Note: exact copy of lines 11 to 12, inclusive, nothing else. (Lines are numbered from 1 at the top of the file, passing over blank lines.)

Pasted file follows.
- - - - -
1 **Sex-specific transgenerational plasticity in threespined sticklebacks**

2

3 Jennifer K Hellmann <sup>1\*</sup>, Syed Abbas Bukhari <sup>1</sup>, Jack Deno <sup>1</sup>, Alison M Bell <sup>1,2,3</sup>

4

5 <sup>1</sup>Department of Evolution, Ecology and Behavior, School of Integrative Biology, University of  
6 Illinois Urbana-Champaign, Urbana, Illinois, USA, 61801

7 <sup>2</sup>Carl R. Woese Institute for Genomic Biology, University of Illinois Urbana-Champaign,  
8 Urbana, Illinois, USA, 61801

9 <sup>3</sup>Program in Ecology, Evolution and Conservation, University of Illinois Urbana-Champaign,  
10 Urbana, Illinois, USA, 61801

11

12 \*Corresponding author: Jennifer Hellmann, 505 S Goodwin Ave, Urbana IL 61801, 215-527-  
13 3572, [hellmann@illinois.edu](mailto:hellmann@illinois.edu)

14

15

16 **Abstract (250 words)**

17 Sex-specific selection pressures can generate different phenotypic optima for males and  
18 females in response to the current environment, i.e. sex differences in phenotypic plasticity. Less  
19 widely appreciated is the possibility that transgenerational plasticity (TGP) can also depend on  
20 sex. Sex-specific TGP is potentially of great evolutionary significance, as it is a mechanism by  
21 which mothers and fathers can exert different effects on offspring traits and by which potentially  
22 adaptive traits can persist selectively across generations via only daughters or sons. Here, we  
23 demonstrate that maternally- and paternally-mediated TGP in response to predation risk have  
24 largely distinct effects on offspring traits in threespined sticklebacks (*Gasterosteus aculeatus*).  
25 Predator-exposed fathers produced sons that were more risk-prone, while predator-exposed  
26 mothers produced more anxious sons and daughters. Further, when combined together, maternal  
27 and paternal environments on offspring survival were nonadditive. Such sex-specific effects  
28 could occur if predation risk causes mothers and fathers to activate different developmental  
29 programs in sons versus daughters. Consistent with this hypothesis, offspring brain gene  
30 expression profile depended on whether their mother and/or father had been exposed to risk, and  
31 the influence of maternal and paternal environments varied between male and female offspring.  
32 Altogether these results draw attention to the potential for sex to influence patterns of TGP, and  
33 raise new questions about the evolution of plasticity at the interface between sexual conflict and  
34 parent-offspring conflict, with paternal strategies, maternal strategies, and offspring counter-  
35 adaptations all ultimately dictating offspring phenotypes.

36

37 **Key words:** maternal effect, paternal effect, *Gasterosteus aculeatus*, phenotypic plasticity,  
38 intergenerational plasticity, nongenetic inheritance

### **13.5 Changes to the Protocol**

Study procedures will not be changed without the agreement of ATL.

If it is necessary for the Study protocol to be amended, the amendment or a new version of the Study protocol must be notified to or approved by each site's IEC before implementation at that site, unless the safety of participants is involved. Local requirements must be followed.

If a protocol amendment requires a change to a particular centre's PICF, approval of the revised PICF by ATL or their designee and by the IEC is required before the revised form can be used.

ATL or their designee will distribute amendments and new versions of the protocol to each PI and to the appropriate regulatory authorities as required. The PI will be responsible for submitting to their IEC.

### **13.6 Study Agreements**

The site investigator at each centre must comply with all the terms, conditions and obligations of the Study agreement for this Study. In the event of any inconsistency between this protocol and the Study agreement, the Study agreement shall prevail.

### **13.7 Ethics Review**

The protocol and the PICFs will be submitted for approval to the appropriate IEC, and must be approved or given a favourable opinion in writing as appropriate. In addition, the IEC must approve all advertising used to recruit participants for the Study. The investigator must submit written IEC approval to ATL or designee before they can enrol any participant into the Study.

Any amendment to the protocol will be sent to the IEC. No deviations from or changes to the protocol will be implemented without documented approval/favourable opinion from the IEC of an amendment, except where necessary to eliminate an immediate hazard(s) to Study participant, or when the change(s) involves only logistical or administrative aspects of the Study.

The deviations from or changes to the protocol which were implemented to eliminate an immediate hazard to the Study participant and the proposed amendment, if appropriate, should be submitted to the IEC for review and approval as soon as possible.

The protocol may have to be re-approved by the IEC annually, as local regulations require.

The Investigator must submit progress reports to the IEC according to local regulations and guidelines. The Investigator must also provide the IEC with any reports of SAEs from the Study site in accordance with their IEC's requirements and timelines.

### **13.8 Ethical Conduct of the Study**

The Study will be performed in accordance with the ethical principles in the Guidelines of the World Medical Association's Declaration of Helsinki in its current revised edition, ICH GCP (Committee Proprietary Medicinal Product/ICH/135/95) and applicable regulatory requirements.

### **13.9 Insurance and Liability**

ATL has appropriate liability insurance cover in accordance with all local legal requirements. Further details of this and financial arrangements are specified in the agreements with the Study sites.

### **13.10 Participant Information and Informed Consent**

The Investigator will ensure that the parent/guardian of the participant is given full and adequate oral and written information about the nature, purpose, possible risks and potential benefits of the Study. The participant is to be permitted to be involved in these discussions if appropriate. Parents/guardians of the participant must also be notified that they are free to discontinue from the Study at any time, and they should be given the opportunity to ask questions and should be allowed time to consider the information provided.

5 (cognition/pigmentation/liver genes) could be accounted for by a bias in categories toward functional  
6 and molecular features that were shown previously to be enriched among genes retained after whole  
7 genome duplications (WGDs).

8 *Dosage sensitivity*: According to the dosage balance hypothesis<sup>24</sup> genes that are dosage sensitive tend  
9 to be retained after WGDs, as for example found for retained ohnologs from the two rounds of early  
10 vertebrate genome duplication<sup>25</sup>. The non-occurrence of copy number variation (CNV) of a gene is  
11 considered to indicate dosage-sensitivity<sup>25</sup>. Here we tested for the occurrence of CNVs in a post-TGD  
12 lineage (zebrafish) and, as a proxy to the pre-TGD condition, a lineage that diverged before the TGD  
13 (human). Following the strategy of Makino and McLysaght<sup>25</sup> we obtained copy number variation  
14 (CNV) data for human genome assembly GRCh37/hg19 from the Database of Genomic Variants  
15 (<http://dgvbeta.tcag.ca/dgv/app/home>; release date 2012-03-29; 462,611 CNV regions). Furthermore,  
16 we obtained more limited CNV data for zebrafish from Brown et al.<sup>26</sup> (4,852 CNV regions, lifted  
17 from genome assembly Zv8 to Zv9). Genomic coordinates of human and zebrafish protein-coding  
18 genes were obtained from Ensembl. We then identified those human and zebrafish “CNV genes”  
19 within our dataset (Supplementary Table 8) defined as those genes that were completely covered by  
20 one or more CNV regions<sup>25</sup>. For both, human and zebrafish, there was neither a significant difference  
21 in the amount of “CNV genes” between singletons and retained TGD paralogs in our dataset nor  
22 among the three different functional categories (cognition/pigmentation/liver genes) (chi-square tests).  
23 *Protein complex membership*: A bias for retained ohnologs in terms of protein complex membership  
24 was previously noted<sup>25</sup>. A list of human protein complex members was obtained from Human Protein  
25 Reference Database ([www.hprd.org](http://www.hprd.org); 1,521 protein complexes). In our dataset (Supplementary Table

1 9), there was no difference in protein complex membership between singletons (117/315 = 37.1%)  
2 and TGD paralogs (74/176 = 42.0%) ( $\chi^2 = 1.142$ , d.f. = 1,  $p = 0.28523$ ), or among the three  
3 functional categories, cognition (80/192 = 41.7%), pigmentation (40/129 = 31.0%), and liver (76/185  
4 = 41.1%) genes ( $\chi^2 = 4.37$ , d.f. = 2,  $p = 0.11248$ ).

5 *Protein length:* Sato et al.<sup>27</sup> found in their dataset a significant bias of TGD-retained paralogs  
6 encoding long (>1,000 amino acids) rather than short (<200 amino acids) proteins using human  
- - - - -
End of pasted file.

11

12 \*Corresponding author: Jennifer Hellmann, 505 S Goodwin Ave, Urbana IL 61801, 215-527-  